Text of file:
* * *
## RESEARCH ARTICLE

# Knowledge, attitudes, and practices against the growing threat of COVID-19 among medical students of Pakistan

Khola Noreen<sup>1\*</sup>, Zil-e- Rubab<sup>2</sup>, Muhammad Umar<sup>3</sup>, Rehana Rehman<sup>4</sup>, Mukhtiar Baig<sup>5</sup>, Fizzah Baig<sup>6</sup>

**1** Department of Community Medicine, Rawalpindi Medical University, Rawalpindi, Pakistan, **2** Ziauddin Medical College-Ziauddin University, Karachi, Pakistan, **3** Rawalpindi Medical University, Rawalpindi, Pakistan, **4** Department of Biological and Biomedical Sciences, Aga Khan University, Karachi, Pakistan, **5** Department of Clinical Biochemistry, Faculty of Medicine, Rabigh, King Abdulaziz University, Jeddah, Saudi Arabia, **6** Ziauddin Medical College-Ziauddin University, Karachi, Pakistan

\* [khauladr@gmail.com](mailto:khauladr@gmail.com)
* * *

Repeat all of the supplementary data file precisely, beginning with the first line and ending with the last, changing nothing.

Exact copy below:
## RESEARCH ARTICLE

# Knowledge, attitudes, and practices against the growing threat of COVID-19 among medical students of Pakistan

Khola Noreen<sup>1\*</sup>, Zil-e- Rubab<sup>2</sup>, Muhammad Umar<sup>3</sup>, Rehana Rehman<sup>4</sup>, Mukhtiar Baig<sup>5</sup>, Fizzah Baig<sup>6</sup>

**1** Department of Community Medicine, Rawalpindi Medical University, Rawalpindi, Pakistan, **2** Ziauddin Medical College-Ziauddin University, Karachi, Pakistan, **3** Rawalpindi Medical University, Rawalpindi, Pakistan, **4** Department of Biological and Biomedical Sciences, Aga Khan University, Karachi, Pakistan, **5** Department of Clinical Biochemistry, Faculty of Medicine, Rabigh, King Abdulaziz University, Jeddah, Saudi Arabia, **6** Ziauddin Medical College-Ziauddin University, Karachi, Pakistan

\* [khauladr@gmail.com](mailto:khauladr@gmail.com)